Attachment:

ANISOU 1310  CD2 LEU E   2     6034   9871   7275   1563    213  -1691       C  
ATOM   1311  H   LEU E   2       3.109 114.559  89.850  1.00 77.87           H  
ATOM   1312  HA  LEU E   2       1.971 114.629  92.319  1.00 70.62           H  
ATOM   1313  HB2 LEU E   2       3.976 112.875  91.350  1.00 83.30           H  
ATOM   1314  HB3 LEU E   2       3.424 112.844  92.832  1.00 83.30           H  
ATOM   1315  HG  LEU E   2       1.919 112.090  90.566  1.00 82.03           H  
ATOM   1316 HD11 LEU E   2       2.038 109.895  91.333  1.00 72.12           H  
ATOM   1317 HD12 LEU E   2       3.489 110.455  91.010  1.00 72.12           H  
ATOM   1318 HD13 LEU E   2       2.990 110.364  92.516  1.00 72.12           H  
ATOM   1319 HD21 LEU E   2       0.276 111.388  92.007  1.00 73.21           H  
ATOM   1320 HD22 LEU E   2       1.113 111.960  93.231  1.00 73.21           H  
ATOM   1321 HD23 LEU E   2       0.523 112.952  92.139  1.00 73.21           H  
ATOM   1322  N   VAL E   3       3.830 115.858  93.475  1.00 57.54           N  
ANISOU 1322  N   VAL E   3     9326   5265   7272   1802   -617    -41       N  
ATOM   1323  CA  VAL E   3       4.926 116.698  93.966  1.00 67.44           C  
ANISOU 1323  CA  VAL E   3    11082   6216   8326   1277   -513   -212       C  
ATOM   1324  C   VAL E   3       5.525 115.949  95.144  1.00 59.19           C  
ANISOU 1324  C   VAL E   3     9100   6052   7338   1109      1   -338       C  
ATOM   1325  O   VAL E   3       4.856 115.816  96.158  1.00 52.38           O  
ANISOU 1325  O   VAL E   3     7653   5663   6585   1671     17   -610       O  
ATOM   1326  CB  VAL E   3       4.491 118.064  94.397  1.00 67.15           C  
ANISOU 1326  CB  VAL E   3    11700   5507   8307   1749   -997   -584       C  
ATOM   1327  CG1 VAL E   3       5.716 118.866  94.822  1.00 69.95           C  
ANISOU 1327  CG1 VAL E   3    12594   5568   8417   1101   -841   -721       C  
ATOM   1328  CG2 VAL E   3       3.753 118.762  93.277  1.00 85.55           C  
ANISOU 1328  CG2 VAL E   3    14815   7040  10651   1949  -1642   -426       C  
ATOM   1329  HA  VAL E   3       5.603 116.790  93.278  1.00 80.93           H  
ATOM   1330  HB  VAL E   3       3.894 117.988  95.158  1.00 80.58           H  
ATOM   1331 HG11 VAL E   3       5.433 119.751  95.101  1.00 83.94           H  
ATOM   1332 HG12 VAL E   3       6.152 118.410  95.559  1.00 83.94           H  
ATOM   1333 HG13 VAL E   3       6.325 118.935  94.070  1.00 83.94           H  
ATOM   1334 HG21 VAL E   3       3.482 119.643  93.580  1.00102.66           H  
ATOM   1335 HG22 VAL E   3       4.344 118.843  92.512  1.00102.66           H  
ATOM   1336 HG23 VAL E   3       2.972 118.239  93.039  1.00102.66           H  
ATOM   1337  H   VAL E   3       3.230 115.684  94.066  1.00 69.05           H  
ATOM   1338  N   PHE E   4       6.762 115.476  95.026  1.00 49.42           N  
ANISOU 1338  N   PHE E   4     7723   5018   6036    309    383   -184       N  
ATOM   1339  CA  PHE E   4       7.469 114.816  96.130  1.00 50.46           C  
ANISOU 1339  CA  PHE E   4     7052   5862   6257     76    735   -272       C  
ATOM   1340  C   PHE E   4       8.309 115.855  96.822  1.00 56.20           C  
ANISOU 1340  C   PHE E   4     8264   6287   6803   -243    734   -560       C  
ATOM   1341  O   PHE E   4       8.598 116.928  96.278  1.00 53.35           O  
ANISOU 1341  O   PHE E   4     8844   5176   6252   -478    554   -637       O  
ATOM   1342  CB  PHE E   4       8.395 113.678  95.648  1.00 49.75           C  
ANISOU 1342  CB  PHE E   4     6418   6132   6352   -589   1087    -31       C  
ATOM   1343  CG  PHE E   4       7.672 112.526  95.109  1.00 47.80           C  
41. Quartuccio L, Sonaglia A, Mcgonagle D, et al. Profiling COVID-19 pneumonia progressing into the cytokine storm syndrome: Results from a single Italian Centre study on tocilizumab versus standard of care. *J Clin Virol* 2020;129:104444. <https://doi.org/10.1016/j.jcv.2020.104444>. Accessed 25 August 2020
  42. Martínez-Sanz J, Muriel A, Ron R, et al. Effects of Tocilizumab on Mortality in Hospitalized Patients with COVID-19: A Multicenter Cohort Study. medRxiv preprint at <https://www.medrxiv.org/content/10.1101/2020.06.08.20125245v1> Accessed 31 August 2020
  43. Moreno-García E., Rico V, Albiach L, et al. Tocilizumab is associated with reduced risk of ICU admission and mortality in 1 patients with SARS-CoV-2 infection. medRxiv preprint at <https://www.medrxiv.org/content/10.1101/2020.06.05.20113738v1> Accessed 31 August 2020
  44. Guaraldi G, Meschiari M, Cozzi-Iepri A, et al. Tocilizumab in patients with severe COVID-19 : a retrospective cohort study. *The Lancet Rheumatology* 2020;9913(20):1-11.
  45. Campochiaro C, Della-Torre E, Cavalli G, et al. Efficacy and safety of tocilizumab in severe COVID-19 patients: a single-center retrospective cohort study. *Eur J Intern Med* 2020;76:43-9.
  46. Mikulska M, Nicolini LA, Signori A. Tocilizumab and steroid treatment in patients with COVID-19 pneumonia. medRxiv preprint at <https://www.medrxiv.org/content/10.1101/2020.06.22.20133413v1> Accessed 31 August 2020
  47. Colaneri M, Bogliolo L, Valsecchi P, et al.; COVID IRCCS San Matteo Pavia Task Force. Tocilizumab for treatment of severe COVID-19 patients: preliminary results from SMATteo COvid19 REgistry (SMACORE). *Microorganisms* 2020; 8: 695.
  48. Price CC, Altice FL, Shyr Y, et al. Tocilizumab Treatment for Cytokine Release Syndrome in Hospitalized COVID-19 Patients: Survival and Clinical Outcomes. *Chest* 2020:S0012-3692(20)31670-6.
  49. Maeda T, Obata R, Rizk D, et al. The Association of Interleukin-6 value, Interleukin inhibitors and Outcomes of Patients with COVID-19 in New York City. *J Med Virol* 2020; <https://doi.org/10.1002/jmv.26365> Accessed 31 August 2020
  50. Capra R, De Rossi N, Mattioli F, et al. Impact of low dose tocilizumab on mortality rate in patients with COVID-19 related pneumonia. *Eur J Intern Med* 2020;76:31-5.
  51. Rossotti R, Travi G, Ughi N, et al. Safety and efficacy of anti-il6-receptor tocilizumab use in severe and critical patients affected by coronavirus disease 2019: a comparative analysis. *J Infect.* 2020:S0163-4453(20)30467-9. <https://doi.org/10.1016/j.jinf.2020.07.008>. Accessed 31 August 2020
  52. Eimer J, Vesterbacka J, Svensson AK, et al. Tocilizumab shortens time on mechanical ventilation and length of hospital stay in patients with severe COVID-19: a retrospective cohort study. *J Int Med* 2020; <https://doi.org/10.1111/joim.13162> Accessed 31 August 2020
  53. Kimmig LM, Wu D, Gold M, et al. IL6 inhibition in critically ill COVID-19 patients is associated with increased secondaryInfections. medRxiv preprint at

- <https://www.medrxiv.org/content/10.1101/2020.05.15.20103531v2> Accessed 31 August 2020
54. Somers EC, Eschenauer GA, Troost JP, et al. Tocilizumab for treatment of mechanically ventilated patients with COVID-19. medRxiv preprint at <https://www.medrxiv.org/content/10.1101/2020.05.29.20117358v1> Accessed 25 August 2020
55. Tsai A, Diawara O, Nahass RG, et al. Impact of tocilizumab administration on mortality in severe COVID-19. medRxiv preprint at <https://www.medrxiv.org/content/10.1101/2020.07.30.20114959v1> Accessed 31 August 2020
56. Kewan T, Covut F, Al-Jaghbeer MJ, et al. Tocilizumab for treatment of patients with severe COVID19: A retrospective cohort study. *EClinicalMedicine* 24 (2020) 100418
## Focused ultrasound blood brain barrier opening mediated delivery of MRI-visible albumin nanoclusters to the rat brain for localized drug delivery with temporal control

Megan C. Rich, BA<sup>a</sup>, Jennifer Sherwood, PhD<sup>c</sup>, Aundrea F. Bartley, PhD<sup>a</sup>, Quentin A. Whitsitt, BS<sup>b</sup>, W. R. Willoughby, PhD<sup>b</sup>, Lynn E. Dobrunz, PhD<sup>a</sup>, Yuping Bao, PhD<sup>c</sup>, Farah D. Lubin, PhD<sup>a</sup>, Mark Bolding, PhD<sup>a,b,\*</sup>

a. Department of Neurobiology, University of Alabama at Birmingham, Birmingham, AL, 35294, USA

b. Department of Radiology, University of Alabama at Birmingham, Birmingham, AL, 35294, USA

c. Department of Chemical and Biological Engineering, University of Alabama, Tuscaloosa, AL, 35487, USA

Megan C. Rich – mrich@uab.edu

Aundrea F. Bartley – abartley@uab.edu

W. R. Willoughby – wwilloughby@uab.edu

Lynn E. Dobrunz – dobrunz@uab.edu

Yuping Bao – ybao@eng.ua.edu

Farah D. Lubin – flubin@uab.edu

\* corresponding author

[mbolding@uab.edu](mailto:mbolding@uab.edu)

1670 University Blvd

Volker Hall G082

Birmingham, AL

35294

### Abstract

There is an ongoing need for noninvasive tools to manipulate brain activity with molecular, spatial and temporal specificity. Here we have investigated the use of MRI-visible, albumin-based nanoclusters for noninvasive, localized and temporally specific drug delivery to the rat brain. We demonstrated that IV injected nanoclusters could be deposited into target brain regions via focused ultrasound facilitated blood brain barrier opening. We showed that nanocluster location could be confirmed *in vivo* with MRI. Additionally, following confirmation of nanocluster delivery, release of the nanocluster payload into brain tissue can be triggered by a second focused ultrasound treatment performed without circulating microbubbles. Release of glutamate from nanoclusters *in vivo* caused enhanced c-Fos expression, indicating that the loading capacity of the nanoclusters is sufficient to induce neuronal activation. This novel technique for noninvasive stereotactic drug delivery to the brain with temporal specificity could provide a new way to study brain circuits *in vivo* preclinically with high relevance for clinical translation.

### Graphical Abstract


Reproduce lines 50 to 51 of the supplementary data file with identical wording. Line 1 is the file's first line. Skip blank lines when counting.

  44. Guaraldi G, Meschiari M, Cozzi-Iepri A, et al. Tocilizumab in patients with severe COVID-19 : a retrospective cohort study. *The Lancet Rheumatology* 2020;9913(20):1-11.
  45. Campochiaro C, Della-Torre E, Cavalli G, et al. Efficacy and safety of tocilizumab in severe COVID-19 patients: a single-center retrospective cohort study. *Eur J Intern Med* 2020;76:43-9.